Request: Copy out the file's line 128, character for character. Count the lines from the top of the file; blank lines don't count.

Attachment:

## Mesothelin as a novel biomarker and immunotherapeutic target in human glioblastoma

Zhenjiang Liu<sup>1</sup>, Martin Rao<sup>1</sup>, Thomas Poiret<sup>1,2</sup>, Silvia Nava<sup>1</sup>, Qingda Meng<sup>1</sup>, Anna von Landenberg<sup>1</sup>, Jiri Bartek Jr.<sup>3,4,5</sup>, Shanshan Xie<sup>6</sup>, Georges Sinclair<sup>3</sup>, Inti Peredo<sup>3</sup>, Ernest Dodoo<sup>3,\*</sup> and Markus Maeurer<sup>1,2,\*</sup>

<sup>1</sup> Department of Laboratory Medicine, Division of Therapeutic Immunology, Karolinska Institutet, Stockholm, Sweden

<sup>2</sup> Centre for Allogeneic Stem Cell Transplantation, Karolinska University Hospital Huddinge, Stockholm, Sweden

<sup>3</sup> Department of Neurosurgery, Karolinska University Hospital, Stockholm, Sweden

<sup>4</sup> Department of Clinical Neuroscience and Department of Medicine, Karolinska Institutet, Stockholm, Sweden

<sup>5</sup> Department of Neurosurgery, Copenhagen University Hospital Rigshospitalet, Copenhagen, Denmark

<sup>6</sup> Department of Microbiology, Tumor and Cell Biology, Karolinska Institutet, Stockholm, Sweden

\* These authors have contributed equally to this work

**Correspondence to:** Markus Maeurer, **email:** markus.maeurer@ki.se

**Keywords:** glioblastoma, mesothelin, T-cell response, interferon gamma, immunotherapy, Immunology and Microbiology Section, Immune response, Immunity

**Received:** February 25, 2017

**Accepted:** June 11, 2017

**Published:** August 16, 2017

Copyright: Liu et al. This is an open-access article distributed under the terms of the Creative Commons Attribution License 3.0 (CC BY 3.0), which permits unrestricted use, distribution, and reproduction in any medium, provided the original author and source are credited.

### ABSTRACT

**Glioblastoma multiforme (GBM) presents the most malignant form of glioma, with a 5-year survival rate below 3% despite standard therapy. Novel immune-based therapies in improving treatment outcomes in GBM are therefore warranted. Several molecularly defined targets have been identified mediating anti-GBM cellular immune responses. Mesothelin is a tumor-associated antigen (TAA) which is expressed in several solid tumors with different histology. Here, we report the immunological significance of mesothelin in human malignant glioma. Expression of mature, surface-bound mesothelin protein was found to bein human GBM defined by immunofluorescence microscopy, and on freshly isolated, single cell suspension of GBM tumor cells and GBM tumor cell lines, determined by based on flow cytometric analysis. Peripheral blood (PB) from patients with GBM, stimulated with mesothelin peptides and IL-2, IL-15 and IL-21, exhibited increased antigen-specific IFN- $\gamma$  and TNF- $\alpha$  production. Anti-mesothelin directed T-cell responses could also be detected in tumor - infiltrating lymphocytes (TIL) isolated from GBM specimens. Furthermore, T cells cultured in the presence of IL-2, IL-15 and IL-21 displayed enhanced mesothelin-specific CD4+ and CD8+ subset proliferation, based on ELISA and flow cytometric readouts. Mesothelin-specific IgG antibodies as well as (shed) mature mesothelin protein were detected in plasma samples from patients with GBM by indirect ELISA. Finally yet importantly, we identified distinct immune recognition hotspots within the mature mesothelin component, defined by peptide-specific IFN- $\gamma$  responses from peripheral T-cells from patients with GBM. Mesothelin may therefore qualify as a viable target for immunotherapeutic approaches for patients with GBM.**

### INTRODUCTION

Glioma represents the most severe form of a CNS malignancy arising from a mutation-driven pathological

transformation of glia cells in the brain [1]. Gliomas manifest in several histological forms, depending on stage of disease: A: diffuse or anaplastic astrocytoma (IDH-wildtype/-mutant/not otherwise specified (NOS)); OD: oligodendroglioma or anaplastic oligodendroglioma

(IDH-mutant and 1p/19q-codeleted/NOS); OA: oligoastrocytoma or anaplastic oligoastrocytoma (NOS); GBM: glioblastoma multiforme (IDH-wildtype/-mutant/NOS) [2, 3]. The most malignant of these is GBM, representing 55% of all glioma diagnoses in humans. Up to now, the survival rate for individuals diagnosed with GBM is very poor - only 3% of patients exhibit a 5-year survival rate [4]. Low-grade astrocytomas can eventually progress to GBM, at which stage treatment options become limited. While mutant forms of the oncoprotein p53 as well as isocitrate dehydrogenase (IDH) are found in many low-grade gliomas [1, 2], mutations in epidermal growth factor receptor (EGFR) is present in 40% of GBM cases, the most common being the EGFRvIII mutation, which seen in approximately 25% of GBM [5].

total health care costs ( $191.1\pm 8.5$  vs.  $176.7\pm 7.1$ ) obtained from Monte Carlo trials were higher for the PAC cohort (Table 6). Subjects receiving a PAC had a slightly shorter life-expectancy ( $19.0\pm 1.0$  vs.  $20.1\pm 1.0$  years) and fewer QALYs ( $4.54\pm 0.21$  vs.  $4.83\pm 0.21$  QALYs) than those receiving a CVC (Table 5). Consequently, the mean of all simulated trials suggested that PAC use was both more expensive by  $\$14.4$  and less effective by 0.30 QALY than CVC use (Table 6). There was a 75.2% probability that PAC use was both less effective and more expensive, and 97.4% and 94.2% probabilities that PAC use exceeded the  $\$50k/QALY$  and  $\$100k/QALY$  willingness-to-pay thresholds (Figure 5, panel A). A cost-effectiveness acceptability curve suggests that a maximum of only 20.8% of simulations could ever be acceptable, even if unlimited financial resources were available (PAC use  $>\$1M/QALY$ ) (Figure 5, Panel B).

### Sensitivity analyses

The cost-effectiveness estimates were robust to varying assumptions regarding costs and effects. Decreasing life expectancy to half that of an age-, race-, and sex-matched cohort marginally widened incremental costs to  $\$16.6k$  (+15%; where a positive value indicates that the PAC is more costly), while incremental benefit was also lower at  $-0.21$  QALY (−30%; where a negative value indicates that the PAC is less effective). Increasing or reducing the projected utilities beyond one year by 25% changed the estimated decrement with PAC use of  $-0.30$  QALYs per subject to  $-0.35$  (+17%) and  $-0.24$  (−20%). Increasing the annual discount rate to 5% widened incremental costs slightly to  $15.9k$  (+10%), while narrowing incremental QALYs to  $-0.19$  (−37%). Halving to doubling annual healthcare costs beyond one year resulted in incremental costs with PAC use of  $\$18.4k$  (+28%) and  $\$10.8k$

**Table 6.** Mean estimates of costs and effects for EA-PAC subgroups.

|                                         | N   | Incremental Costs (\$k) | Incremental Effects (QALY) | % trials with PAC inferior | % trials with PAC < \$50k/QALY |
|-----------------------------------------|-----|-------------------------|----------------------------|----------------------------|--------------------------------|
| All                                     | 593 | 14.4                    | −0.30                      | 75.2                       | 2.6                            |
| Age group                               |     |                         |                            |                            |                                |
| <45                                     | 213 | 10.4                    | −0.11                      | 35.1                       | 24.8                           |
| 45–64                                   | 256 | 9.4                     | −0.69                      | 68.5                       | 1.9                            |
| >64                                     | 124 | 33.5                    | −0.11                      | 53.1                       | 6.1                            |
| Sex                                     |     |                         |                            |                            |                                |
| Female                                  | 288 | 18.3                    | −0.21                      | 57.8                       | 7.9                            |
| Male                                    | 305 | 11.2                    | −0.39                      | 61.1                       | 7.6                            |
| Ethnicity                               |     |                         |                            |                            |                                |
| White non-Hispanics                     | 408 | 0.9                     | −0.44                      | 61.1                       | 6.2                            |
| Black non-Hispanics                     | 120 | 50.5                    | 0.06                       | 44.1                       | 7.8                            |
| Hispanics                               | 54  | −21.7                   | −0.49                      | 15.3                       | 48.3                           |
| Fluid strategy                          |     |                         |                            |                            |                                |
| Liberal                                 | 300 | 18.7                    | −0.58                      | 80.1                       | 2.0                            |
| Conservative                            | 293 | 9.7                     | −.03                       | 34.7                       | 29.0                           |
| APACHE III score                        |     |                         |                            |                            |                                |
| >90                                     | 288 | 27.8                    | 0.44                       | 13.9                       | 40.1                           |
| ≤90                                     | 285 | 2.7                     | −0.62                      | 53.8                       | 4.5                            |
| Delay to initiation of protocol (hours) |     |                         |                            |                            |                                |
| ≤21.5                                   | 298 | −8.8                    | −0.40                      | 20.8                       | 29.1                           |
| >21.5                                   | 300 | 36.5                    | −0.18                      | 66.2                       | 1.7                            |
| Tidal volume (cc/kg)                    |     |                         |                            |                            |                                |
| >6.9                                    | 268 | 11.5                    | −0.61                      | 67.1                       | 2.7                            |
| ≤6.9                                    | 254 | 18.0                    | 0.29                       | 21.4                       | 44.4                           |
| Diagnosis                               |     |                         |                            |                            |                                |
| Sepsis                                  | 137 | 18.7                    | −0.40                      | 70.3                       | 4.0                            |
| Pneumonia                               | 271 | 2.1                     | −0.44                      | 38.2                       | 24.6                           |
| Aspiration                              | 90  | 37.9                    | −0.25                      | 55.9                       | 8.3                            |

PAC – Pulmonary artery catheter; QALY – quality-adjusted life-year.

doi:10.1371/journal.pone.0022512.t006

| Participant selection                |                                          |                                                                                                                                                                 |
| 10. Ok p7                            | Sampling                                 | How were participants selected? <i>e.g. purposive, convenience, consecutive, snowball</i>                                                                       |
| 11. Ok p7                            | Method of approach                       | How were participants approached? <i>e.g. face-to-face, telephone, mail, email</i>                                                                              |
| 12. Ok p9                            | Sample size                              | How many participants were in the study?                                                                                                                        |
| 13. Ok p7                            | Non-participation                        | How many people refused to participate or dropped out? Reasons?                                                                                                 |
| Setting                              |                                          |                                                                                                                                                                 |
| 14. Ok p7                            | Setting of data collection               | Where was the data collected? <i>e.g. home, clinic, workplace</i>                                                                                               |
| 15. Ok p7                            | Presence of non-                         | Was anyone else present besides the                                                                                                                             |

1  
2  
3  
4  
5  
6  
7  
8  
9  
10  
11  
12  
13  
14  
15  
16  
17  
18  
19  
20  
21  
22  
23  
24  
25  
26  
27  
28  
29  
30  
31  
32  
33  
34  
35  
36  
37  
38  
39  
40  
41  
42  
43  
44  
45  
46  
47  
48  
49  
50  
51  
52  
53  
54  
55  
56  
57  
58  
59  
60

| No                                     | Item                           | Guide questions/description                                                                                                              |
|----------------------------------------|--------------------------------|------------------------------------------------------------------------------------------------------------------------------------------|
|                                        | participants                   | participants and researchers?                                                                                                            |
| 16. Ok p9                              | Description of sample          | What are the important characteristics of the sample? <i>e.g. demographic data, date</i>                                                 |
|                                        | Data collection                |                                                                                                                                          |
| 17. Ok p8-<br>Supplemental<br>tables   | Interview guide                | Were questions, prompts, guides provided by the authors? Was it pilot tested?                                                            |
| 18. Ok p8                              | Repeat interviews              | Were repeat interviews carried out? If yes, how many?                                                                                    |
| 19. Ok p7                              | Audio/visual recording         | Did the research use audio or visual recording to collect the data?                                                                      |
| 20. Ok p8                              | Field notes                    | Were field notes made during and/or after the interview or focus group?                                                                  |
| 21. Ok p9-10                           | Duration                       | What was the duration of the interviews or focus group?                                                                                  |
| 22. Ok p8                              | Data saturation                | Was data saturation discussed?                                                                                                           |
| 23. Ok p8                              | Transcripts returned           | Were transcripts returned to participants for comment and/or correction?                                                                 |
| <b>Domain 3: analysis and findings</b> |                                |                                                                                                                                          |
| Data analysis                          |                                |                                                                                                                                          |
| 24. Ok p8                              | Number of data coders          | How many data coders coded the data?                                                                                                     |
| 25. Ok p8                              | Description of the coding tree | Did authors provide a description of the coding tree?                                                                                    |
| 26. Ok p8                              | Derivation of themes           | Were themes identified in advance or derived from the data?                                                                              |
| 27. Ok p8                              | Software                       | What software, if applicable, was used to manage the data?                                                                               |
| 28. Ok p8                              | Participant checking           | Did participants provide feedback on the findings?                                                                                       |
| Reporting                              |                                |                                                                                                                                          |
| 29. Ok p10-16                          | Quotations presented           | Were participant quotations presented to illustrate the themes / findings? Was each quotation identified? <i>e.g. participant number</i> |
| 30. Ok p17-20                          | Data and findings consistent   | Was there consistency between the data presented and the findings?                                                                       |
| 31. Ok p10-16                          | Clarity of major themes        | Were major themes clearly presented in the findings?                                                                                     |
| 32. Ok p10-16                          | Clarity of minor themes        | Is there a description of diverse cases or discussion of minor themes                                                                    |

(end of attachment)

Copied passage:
|                                        | participants                   | participants and researchers?                                                                                                            |